Scientific Name: Lopholaimus antarcticus
The Topknot Pigeon is a large grey pigeon with a swept back crest that is grey in front and rusty red behind, giving the head an unique shape. It is darker grey above, with dark grey, rounded wings, and lighter grey below, with a pale tail band across the black tail. The eye and bill are red, and the bill has two large bluish-green bumps at the base. Females have a smaller, paler crest than males. Young birds resemble females, with more mottling and have a browner head with a much smaller crest. This species flies strongly and roosts high in tall trees. It may be seen feeding acrobatically among fruits, often hanging upside-down to reach them. It can be located by the sounds of falling fruit and its sharp screech while feeding.
The Topknot Pigeon is found only in Australia, from Queensland, along the coast to Broken Bay, New South Wales. It is rare in Sydney, but has been seen as far south as Tathra and Bega, and occurs inland to Inverell. Some birds have been seen in eastern Victoria and single birds have been reported in Tasmania.
The Topknot Pigeon is found in rainforests and nearby wet forests and woodlands, especially along moist sheltered gullies. It can also be found in drier forests and will fly across open areas to feed in rainforests or disturbed areas such as remnant forest patches, cleared farmlands, exotic trees and shrubs, particularly Camphor Laurel and privet. It is very rarely seen in suburban areas, but will forage on the outskirts of urban areas if Camphor Laurel and other fruits are available.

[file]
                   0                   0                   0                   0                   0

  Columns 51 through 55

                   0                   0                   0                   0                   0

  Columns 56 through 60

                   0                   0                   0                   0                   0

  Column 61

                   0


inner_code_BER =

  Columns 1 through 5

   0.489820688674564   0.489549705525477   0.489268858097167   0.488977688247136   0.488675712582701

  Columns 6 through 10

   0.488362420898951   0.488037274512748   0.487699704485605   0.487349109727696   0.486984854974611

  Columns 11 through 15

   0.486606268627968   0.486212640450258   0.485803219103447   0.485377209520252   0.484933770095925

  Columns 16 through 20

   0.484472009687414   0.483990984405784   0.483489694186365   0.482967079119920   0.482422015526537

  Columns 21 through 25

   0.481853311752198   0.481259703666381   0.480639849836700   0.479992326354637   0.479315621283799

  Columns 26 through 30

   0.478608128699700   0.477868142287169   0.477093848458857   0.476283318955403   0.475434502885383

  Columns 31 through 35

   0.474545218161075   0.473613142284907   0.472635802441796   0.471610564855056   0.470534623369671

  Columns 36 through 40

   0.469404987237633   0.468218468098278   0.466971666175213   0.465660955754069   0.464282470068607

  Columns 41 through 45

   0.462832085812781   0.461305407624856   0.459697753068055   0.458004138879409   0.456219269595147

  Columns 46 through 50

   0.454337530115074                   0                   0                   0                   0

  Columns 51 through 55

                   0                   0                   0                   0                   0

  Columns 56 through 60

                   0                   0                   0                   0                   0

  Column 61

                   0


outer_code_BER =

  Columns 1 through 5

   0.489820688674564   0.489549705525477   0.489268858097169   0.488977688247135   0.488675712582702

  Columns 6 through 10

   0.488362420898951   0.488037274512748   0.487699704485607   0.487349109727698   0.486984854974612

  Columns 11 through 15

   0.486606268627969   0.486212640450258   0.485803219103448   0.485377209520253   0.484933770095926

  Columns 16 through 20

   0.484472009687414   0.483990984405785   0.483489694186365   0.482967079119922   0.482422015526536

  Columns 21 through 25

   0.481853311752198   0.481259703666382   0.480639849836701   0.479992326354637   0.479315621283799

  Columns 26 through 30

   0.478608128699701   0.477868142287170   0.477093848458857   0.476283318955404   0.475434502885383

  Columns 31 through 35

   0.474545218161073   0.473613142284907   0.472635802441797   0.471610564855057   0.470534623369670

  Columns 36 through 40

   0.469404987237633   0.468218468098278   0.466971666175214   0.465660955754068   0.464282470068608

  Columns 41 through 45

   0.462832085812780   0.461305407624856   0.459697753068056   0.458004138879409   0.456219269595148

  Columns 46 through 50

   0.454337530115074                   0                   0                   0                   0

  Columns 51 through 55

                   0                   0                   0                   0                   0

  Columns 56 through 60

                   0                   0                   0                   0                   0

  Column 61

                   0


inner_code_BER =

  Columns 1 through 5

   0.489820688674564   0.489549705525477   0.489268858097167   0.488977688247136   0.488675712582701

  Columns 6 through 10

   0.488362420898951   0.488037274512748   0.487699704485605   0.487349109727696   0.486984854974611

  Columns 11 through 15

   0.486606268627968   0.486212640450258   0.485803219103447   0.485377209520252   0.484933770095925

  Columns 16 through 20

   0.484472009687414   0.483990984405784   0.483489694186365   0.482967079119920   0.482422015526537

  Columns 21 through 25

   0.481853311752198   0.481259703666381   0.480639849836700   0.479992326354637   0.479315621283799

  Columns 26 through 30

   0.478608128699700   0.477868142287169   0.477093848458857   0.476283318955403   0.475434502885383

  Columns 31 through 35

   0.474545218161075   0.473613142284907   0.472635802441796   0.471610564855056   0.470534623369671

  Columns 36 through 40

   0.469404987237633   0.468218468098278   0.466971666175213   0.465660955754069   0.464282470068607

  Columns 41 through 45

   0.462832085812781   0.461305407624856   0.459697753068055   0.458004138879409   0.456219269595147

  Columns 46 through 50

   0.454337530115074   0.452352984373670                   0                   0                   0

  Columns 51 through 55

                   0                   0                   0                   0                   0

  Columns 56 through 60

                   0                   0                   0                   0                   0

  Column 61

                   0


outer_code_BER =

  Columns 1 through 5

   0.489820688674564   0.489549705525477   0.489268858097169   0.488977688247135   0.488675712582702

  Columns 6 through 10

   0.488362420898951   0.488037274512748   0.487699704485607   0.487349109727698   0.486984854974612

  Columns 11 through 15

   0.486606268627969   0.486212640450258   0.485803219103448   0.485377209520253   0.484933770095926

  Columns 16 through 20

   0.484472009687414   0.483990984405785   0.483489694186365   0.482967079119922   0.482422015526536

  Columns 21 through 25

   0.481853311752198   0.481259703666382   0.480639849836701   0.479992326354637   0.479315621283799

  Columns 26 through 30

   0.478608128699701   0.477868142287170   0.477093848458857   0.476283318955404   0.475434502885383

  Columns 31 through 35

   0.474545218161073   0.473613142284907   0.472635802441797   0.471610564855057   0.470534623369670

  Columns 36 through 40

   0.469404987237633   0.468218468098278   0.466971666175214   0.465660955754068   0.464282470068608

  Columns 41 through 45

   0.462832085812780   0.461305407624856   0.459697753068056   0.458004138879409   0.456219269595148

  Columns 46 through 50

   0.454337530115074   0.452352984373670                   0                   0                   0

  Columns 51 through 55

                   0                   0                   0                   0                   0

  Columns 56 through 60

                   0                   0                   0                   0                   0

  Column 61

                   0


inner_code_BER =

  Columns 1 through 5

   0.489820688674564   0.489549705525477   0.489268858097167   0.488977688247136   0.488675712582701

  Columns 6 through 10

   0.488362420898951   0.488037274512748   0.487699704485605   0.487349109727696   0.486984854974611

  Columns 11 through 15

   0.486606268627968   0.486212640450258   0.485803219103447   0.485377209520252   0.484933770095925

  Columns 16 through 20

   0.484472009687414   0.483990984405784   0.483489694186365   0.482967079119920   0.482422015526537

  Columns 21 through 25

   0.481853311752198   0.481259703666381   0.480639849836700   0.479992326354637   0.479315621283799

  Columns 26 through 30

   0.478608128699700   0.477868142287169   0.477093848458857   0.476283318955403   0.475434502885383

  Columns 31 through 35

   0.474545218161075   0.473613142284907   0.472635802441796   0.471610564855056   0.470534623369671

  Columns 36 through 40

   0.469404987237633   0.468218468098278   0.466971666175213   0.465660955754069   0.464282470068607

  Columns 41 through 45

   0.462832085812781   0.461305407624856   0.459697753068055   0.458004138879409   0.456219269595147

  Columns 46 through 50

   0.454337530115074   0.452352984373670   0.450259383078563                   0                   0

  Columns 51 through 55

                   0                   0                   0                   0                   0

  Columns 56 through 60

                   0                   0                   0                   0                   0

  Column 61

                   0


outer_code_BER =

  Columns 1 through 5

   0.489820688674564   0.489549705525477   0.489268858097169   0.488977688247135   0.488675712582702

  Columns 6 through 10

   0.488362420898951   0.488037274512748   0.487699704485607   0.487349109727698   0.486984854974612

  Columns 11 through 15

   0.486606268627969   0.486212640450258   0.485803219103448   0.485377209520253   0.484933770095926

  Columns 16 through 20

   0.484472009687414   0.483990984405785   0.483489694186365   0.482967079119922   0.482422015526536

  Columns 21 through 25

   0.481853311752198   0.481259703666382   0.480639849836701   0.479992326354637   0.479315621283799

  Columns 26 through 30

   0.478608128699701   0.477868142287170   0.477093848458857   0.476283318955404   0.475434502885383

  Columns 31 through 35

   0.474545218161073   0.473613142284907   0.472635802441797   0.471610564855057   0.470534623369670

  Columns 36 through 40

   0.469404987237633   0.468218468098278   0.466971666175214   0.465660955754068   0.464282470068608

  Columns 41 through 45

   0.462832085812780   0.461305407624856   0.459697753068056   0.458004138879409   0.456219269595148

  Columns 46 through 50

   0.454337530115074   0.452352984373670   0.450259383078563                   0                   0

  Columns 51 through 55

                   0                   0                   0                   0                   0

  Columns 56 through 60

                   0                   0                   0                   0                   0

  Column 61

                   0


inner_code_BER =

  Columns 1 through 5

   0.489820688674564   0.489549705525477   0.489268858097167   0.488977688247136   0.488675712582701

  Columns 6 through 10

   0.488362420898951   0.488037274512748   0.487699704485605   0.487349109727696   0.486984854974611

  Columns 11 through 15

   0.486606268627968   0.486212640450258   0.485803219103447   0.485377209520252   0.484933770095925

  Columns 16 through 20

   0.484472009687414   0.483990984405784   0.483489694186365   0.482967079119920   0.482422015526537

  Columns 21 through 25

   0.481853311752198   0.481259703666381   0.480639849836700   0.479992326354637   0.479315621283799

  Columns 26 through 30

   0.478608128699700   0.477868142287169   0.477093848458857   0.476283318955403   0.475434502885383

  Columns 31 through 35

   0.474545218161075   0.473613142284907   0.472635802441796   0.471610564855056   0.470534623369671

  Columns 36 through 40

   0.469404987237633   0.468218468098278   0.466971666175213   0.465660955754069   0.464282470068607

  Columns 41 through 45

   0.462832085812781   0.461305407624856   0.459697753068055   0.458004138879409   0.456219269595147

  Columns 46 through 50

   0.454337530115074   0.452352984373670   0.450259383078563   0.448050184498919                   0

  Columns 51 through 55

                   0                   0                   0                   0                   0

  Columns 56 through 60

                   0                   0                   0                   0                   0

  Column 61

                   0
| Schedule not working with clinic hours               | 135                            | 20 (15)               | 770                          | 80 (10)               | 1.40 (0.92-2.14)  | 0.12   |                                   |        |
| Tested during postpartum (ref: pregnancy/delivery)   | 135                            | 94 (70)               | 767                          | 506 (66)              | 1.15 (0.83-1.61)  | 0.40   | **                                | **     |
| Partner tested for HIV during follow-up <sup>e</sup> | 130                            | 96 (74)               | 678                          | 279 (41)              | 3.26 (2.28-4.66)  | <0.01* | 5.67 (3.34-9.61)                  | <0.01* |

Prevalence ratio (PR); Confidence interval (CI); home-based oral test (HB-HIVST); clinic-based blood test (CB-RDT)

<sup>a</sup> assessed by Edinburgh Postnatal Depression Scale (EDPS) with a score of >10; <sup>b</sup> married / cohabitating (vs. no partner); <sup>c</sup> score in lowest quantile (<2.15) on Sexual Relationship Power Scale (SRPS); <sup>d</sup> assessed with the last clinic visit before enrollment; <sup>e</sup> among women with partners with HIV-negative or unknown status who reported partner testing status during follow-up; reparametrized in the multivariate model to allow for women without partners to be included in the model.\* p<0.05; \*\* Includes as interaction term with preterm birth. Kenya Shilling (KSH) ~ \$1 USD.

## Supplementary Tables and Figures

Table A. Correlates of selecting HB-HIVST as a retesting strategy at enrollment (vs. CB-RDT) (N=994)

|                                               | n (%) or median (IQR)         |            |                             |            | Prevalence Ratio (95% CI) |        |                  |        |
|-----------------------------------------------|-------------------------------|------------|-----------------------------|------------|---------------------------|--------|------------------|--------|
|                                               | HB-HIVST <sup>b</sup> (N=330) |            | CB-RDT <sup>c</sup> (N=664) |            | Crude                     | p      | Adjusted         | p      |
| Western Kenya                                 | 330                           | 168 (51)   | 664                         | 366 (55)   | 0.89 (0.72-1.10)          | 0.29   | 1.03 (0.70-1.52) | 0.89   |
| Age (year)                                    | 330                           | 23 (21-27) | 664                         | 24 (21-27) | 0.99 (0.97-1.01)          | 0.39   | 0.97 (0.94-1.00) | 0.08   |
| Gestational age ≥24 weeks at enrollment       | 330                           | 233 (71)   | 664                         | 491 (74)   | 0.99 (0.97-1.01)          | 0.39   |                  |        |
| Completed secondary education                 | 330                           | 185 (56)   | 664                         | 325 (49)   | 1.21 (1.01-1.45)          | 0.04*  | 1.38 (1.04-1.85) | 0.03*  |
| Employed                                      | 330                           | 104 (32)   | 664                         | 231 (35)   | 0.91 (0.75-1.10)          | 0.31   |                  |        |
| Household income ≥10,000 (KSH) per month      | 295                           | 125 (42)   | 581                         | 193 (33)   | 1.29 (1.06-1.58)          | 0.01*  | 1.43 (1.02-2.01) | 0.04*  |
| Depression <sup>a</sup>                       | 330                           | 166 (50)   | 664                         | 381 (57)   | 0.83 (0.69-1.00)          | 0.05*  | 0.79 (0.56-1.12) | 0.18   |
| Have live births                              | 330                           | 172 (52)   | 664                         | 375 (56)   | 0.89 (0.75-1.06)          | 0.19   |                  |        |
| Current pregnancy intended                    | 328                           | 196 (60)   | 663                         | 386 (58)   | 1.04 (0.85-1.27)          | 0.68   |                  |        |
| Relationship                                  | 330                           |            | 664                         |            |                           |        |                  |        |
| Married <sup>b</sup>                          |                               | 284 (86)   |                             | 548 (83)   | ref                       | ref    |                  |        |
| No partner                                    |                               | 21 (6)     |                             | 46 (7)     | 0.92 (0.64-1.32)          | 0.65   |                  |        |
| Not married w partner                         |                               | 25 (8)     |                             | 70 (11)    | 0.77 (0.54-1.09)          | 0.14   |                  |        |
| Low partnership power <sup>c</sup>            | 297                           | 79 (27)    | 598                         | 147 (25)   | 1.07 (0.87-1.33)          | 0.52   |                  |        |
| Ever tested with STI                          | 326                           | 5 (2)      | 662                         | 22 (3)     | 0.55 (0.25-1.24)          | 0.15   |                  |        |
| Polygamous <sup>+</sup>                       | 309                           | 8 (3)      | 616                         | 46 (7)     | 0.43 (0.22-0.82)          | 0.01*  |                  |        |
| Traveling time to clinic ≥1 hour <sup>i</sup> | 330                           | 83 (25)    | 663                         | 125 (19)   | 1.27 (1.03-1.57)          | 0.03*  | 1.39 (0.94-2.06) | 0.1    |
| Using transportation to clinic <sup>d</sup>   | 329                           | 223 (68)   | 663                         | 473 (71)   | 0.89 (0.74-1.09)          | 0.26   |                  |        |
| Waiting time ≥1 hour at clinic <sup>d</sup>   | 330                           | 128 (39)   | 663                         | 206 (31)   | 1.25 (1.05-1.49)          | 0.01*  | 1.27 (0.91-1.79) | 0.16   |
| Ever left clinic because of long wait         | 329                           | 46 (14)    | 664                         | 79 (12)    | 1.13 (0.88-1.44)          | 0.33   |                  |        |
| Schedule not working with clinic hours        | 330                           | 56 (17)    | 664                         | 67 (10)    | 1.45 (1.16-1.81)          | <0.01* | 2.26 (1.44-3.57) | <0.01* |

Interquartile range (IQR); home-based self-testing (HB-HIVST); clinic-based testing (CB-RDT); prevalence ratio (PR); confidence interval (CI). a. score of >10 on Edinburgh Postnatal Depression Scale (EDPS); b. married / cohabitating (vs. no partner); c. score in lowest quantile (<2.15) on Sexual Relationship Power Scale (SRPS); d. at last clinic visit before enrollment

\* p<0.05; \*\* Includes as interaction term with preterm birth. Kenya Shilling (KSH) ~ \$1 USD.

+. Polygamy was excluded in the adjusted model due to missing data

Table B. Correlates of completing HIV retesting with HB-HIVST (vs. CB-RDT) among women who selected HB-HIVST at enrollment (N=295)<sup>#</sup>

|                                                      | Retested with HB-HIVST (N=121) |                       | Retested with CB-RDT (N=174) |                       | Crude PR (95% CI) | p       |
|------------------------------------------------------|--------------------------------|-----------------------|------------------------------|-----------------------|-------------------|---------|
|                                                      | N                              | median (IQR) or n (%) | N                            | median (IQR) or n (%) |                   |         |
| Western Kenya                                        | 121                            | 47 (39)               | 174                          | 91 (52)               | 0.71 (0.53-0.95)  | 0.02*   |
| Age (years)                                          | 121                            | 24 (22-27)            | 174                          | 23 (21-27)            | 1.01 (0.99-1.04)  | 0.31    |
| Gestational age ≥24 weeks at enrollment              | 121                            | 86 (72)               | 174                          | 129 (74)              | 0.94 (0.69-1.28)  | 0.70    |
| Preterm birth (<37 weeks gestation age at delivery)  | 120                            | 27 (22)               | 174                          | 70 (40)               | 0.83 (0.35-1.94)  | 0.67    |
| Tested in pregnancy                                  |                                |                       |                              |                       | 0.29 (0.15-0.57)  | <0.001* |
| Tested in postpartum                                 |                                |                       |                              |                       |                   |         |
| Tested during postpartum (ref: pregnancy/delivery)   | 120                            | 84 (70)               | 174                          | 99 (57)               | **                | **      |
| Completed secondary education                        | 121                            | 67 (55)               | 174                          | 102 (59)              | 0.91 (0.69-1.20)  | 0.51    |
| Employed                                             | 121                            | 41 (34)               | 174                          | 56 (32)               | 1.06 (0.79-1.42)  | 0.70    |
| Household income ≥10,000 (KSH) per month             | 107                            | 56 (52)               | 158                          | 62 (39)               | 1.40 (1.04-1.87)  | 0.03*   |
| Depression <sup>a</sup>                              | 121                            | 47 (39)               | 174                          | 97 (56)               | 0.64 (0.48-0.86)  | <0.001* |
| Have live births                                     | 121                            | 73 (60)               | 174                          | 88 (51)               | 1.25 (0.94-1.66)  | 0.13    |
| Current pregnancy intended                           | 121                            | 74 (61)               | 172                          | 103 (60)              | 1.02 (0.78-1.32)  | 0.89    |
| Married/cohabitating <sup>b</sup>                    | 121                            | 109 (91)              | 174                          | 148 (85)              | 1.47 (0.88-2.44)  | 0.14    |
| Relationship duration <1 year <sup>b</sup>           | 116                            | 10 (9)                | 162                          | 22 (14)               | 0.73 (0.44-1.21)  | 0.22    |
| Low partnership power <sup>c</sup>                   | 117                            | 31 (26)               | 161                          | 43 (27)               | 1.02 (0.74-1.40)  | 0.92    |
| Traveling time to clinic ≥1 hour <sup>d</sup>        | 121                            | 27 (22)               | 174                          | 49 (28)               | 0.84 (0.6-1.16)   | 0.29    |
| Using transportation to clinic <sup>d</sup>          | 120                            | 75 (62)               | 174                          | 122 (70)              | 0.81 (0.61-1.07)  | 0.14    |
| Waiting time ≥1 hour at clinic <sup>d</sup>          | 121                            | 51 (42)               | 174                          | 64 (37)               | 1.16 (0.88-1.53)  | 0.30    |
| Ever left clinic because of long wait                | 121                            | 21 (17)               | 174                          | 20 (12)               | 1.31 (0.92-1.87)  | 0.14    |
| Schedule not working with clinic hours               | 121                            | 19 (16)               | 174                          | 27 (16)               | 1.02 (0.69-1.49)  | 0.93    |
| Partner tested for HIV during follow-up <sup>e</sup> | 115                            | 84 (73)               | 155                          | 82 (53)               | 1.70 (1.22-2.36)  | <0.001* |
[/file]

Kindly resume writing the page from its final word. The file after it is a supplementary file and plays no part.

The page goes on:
Nomadic and highly mobile, follows seasonal fruiting patterns. In Sydney, birds arrive from the north in autumn and winter. There is also some altitudinal migration, from coastal areas to highlands during spring and summer.
The Topknot Pigeon is frugivorous, feeding on a variety of rainforest fruits, as well as those of the introduced Camphor Laurels. They mainly feed in the upper canopy, hanging from branches, often upside-down, to reach fruit, flapping their wings loudly to keep balance. They can be detected by the quantities of fruit they dislodge and the loud screeching they make while feeding. They will travel long distances to find food, often in large, straggling flocks.
After an elaborate courtship of bowing and parading displays, with males also flying very high over canopy to attract females, the Topknot Pigeon forms monogamous breeding pairs. Both parents build the flat, loose and often flimsy stick nest in the crown of a tree, usually among bushy branches or vines, from 2 m to 12 m from the ground. Both sexes incubate the eggs and feed the young, using regurgitated 'pigeon milk' from their crops in the earliest stages. Adults call to their young when returning to the nest, and they are difficult to dislodge from the nest if disturbed, crouching protectively over their young until an intruder is quite close.
Topknot Pigeons have lost part of their rainforest habitat to clearing, but have compensated by feeding on the introduced Camphor Laurel and they may spread this weed in agricultural areas.